The U.S. Constitution protects citizens from unlawful government search and seizure of their property. You have legal options if you believe the government unlawfully seized your property.
However, attempting to forcibly take back your property without going through the proper channels is still a violation of 18 U.S.C. 2233, even if the government should not have seized it.
In the end, you could prove the government illegally seized your property but still face federal prison time for illegally trying to take it back.
What Are the Common Defenses?
If you've been charged with rescuing seized property, that doesn't necessarily mean you'll be convicted; you still have legal options. The common defenses are discussed below.
Perhaps we can argue that you were unaware that the government had seized or detained the property.
If in Example 1 above, Tim had gone to his storage shed without receiving notice of the IRS tax levy and broken the padlock, not knowing who put it there, he would have a valid defense against the charges.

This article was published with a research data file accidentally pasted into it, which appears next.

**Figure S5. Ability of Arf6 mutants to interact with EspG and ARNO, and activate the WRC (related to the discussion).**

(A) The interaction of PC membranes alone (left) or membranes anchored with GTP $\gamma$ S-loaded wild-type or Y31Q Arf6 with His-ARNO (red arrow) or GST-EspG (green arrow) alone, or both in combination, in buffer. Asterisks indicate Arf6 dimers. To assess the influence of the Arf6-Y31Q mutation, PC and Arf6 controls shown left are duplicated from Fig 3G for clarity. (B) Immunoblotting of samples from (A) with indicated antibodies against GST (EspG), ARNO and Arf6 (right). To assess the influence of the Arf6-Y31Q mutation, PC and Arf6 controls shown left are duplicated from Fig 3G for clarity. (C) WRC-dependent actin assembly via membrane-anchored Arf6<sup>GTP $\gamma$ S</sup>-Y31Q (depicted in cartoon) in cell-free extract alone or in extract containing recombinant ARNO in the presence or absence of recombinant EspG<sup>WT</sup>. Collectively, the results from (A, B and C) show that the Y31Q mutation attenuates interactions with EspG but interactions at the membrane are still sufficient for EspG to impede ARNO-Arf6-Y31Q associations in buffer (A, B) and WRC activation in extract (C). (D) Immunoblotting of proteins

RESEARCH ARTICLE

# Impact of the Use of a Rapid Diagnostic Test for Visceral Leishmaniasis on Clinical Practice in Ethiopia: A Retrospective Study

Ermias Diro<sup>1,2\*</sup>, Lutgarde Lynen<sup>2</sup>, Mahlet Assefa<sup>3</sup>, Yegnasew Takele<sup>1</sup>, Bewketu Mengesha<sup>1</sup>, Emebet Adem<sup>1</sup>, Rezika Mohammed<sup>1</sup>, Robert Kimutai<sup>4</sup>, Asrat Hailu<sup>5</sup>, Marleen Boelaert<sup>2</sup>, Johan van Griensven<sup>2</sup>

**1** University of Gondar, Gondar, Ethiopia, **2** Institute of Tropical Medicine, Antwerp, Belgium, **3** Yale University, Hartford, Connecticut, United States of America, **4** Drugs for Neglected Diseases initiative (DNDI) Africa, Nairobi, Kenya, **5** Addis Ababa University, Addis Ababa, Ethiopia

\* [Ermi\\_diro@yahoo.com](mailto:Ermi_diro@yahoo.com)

Perhaps we can argue that you were acting in defense of your property. Anyone seizing your property must identify themselves as acting as an authorized agent or officer of the government.
Suppose they did not identify themselves, and you forcibly recovered your property. In that case, you could make the defense that you believed the officer was attempting to steal your property and that you were defending it.
Contact our law firm to review the details and case options if you were accused of breaking federal law related to searches and seizures. Eisner Gorin LLP is located in Los Angeles, CA.
We provide legal representation for federal criminal matters across the United States. You can contact us by phone or using the contact form.